Communities for a Better Environment v. South Coast Air Quality Management District

On March 15, 2010, the California Supreme Court published a highly anticipated decision involving the California Environmental Quality Act ("CEQA"). The Court held that the "environmental baseline," against which the significance of a proposed project's physical environmental effects shall be judged, will normally be the existing physical or operational conditions, rather than the maximum allowable level under an existing permit.

The litigation arose from an attempt by ConocoPhillips ("Conoco") to modify and replace certain equipment at its Wilmington, California refinery in order to produce ultra low sulfur diesel fuel ("ULSD"). Conoco applied to the South Coast Air Quality Management District (the "District") for a permit to operate its proposed ULSD project.

The District determined that the project as proposed would not exceed the maximum daily nitrogen oxide ("NOx") emission levels allowed under validly held boiler permits previously issued by the District.

Because the proposed ULSD project would not cause NOx emissions to exceed the previously permitted maximum, the District treated the allowable emission levels as part of the existing conditions, or "environmental baseline," against which the District could analyze the proposed project's physical environmental effects. The District then found that no significant impact would result from the daily release of NOx above the District's established emissions when such emissions are within levels allowed under the prior permit. Based on this line of reasoning, the District issued a mitigated negative declaration.

Communities for a Better Environment ("CBE") challenged the District and Conoco on the theory that the proposed project's additional release of NOx was environmentally significant and that an Environmental Impact Report should have been prepared. CBE argued that the environmental baseline for purposes of determining the significance of a project's physical impacts is the "realized physical conditions on the ground," rather than what a permit may hypothetically allow. The thrust of CBE's argument was that although Conoco could conceivably operate its boilers such that the maximum NOx emission level was reached, it had not done so to date and, therefore, the baseline was something less than the permitted maximum.

The trial court disagreed with CBE and entered judgment for the District and Conoco. The appellate court, however, reversed the trial court's decision and the Supreme Court upheld the appellate court's reversal. In so doing, the Supreme Court cited the "general rule" governing the determination of the baseline as derived from a long line of appellate decisions. Generally, the impacts of a proposed project are to be compared to the actual environmental conditions at the time CEQA analysis is conducted, rather than to the maximum allowable level of conditions defined by a plan or regulatory framework.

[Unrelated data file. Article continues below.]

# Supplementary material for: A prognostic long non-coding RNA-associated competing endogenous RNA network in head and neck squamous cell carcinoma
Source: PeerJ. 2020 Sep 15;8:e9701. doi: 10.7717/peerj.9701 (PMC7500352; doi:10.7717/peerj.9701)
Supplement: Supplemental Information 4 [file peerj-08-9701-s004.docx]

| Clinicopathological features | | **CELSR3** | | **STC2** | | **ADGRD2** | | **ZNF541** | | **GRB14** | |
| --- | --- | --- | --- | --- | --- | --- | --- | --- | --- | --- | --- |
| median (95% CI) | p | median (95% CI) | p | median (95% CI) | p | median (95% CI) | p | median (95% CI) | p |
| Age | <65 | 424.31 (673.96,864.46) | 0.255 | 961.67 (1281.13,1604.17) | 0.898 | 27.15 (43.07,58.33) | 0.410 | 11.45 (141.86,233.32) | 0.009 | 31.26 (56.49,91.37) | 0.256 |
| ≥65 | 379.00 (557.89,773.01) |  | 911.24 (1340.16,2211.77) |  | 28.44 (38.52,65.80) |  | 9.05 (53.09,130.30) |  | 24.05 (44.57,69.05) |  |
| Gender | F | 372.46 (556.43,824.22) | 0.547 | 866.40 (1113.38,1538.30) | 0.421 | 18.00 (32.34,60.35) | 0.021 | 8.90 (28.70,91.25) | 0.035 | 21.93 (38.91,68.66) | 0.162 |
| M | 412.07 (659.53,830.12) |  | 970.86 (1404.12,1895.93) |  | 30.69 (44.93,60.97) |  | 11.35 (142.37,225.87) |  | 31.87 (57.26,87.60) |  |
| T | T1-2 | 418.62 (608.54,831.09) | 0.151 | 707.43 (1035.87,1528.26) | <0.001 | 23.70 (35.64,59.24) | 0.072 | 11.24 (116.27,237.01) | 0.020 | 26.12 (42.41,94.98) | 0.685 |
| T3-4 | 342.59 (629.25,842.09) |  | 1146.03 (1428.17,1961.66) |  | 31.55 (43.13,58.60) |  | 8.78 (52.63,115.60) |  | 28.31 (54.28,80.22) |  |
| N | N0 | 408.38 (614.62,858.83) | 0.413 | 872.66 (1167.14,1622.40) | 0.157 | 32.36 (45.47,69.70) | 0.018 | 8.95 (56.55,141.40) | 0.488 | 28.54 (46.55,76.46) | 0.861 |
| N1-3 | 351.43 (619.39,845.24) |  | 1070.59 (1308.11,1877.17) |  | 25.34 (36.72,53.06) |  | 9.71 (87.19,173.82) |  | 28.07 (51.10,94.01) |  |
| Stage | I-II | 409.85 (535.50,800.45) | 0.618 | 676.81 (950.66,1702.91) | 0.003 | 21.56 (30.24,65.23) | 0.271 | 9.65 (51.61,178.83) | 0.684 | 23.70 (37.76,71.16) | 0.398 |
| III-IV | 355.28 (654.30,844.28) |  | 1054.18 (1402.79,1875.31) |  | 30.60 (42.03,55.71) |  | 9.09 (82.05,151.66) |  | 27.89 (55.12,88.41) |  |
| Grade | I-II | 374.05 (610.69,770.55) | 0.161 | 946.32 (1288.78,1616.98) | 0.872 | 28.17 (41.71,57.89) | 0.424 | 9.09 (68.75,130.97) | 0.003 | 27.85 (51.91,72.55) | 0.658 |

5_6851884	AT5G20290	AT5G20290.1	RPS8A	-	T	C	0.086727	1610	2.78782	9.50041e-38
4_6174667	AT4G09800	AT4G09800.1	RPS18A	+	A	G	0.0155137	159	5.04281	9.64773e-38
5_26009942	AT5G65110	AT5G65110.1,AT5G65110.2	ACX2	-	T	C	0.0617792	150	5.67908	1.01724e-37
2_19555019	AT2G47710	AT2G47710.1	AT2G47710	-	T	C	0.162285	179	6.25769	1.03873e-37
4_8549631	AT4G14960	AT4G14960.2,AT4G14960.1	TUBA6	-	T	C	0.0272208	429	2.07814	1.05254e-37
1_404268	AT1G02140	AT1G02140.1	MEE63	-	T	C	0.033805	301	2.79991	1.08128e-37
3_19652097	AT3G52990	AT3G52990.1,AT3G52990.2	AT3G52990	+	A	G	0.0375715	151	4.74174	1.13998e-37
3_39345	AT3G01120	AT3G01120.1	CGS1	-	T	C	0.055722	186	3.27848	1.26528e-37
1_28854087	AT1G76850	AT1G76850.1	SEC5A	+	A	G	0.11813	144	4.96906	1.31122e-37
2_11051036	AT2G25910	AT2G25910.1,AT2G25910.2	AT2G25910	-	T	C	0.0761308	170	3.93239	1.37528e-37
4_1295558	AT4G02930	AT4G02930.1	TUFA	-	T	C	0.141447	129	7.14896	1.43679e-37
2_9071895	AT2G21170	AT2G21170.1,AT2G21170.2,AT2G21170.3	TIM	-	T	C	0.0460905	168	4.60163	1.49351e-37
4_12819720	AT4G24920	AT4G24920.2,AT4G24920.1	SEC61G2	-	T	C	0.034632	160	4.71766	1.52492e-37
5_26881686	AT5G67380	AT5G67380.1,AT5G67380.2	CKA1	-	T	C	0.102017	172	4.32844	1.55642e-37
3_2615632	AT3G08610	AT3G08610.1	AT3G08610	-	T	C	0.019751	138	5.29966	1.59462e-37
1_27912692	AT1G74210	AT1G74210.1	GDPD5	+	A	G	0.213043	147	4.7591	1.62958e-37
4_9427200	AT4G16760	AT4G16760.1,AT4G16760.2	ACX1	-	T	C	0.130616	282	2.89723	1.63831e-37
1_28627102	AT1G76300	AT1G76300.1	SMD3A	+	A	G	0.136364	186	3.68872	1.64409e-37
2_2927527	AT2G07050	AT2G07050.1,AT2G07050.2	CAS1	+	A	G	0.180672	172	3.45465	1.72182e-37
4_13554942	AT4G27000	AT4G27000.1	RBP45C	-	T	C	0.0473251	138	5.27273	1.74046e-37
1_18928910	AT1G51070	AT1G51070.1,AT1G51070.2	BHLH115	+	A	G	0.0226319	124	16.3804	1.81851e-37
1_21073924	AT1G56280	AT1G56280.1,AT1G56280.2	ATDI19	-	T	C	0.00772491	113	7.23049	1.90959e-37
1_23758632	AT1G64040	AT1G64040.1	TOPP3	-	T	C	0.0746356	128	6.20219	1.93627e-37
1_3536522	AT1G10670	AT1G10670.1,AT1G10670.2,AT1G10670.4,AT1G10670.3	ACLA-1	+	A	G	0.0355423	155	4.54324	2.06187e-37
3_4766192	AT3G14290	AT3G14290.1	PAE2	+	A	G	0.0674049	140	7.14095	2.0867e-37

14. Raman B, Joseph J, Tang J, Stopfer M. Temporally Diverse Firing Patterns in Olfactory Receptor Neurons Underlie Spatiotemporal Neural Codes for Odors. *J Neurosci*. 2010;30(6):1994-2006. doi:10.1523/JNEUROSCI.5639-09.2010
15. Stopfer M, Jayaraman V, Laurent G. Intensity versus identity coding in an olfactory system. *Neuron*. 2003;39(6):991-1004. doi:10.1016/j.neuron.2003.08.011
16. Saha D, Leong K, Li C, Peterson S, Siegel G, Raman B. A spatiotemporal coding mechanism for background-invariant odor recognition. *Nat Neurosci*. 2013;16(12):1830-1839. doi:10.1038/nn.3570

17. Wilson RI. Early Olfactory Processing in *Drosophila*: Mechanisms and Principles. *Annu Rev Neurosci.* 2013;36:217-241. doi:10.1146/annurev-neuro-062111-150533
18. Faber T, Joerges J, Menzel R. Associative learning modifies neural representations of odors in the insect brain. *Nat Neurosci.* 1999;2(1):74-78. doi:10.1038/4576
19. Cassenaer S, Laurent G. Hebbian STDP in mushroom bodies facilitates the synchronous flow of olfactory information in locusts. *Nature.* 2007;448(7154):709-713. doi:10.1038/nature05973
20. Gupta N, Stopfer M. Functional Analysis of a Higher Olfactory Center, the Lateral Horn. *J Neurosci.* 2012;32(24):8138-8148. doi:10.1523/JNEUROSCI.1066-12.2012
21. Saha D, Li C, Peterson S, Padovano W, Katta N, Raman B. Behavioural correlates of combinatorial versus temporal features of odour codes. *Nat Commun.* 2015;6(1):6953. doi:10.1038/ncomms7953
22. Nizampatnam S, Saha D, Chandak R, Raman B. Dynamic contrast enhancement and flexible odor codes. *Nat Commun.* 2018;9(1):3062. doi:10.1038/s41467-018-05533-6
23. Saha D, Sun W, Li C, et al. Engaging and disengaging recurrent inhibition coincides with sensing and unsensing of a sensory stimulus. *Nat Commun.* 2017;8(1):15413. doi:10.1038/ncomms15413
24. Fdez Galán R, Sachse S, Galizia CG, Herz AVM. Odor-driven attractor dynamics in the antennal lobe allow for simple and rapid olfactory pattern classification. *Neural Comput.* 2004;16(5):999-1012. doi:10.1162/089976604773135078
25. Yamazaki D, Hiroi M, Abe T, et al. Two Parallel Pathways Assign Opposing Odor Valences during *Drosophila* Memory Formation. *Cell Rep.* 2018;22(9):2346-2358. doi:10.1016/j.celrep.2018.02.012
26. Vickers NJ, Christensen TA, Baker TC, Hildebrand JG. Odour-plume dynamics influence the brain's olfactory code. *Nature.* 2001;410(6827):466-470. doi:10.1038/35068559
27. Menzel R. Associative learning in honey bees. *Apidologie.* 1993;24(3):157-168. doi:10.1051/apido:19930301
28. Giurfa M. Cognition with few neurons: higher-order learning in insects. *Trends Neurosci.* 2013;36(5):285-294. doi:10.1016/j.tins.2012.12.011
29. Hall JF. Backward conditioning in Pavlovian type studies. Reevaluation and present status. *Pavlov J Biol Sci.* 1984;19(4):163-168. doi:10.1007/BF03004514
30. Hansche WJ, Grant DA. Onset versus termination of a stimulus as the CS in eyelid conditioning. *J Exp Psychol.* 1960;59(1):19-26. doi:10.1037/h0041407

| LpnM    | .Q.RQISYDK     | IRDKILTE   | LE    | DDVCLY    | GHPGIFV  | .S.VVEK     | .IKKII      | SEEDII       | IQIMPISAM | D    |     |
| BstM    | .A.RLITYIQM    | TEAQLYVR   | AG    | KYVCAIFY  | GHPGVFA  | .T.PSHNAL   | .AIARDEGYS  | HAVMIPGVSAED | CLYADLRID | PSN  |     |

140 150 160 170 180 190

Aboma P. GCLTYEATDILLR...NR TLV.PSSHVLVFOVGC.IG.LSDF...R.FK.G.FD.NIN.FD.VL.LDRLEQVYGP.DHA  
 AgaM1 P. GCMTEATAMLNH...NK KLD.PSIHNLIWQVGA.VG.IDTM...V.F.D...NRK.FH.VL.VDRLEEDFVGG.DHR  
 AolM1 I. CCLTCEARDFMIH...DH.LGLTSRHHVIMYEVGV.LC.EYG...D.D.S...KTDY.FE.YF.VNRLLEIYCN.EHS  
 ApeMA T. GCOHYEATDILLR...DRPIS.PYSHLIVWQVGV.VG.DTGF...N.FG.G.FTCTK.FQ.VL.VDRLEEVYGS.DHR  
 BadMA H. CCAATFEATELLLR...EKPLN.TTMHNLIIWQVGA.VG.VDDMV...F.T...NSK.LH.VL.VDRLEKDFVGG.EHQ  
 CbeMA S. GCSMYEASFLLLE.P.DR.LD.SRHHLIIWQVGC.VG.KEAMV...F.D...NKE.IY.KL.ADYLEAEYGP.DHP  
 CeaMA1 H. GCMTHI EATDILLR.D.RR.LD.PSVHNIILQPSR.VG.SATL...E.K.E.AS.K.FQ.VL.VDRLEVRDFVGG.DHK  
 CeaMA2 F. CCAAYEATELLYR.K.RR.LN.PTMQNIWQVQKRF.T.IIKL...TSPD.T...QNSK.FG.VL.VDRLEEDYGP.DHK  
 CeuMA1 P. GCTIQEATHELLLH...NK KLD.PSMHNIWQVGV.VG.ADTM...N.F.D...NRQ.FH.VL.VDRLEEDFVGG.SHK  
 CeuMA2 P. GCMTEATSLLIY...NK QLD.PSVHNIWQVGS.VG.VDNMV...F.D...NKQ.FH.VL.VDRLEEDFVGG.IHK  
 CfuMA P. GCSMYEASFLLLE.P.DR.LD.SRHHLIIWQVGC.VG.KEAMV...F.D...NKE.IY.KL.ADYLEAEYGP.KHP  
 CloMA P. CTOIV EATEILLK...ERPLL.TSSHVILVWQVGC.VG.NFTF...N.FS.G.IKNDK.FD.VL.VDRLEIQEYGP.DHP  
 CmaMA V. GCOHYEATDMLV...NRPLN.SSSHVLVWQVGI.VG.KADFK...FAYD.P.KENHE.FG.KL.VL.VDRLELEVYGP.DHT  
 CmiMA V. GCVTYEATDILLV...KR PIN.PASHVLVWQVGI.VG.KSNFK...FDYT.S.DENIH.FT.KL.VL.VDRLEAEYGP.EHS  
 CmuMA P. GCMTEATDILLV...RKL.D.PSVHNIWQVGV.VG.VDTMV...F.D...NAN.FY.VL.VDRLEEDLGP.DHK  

The Supreme Court found no exceptional circumstances in this instance that would prompt deviation from this general rule. Conoco argued that deviation was necessary on the theory that using the actual daily NOx emissions as the baseline rather than the maximum permitted boiler NOx emissions would impair Conoco's vested rights under its existing boiler permits. The Court found this argument unpersuasive, stating that since the District could periodically modify or restrict the permitted boiler operation as part of the new ULSD project, Conoco's established vested rights were not impaired. The Court further recognized that Conoco's entitlement to operate at higher NOx emission levels pursuant to its existing vested right "does not excuse the agency from following the dictates of CEQA and realistically analyzing the project's effects."

In finding that the actual operational conditions at the Conoco refinery must be used, the Supreme Court stressed that the purpose of CEQA is to fully inform the public as to the environmental effects of a project and stated that using hypothetical, allowable conditions as a baseline is not informative. The Court, however, also recognized those Court of Appeal decisions that support the use of permitted maximum operational levels as a CEQA baseline under certain circumstances. These include either the modification of a previously analyzed project in which limited CEQA review is required, or the continued operation of an existing facility without significant expansion that qualifies for CEQA exemption.